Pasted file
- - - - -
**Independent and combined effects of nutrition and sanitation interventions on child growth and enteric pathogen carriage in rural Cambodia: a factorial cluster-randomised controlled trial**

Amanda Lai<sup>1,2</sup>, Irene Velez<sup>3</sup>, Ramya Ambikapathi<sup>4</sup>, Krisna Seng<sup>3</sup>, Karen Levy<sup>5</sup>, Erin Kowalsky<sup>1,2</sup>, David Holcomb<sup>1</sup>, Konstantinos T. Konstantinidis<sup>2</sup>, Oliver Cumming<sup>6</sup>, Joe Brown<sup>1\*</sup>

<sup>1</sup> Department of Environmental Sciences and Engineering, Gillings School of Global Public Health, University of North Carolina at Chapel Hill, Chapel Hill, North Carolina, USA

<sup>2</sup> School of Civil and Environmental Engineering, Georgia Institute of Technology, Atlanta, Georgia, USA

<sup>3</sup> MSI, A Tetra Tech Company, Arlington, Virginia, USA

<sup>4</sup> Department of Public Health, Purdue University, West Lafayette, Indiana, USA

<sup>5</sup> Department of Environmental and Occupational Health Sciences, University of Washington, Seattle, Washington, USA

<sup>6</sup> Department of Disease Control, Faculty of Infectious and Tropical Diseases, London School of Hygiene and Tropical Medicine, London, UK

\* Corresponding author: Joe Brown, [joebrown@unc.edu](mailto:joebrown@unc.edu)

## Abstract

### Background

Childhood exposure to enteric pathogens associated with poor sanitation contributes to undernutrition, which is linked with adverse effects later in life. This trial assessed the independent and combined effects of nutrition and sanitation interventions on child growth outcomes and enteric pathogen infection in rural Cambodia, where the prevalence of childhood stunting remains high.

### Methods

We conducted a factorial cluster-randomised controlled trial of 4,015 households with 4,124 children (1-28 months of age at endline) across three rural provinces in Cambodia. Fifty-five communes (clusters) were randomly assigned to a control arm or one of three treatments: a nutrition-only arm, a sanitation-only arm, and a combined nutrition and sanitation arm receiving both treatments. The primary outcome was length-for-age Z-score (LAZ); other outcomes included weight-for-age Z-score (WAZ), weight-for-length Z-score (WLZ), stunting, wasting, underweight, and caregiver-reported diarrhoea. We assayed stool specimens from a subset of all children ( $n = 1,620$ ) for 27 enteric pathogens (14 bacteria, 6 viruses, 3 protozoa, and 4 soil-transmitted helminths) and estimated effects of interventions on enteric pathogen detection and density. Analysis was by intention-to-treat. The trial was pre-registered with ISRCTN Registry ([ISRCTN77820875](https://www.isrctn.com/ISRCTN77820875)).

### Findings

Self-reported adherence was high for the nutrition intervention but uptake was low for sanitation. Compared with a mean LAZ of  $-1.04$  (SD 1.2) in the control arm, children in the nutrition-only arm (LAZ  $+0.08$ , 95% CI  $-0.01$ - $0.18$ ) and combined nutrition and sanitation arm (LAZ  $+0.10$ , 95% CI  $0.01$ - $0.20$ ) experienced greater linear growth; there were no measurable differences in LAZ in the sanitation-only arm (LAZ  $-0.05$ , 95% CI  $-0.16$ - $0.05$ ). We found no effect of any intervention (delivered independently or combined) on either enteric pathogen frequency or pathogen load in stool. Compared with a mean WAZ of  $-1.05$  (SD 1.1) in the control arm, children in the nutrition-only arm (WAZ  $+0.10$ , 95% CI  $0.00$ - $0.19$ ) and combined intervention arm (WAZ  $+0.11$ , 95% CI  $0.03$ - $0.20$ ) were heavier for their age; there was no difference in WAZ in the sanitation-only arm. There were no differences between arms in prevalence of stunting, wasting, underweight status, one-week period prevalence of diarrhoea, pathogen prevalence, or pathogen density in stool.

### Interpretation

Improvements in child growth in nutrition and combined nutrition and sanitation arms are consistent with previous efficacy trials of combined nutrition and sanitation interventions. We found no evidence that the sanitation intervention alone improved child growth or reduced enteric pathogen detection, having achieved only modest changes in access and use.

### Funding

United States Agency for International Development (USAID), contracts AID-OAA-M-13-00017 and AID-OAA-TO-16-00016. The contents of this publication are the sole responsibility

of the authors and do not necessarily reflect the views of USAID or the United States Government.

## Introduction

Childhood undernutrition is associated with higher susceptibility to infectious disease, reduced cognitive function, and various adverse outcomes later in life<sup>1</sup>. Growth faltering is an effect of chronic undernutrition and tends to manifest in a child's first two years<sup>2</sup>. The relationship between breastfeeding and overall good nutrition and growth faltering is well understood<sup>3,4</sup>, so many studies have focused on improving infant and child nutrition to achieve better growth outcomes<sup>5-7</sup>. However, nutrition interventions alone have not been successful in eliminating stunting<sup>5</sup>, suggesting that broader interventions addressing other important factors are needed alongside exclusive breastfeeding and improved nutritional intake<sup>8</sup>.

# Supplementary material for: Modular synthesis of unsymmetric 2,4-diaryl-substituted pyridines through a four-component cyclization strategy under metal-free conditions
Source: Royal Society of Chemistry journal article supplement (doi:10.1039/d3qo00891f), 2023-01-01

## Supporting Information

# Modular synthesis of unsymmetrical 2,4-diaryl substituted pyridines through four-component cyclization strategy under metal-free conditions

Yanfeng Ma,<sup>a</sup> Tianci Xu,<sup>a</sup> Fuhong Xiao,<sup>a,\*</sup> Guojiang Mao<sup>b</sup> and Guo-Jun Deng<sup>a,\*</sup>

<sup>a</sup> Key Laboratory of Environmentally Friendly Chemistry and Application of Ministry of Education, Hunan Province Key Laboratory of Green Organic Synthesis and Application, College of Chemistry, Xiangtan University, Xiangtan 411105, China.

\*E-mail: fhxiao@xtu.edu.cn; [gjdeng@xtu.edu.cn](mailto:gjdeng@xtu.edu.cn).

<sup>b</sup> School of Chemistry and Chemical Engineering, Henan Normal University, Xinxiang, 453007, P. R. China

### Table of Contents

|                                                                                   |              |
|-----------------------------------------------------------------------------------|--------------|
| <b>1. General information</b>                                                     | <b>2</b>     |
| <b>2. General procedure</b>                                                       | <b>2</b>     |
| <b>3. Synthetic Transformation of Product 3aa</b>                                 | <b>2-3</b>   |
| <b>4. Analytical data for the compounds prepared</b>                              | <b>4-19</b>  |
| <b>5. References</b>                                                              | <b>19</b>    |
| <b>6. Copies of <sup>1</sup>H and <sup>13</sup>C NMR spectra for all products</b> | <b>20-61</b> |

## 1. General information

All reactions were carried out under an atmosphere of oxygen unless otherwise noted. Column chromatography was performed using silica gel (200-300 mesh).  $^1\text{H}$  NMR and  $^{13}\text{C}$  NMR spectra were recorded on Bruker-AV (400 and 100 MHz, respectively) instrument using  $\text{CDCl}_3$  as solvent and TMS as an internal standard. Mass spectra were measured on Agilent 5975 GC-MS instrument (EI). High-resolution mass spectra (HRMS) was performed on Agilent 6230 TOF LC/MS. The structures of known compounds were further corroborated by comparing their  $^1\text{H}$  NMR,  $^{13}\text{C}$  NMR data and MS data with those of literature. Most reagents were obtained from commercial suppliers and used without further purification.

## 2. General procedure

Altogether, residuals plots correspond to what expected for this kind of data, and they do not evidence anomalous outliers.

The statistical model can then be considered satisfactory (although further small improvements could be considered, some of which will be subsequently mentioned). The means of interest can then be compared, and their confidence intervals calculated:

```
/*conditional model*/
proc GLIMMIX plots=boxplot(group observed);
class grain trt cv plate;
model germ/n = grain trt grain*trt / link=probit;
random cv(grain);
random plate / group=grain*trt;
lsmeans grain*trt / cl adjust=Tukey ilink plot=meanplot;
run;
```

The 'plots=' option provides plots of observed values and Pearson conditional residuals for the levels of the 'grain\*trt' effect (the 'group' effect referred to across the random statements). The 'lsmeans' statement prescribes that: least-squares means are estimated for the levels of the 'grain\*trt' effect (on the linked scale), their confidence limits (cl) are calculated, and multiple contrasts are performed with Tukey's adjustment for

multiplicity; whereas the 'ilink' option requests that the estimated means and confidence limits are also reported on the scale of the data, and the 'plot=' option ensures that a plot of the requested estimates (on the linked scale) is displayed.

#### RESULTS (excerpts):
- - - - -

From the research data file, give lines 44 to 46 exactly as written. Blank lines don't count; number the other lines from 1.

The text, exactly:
Altogether, residuals plots correspond to what expected for this kind of data, and they do not evidence anomalous outliers.

The statistical model can then be considered satisfactory (although further small improvements could be considered, some of which will be subsequently mentioned). The means of interest can then be compared, and their confidence intervals calculated:

```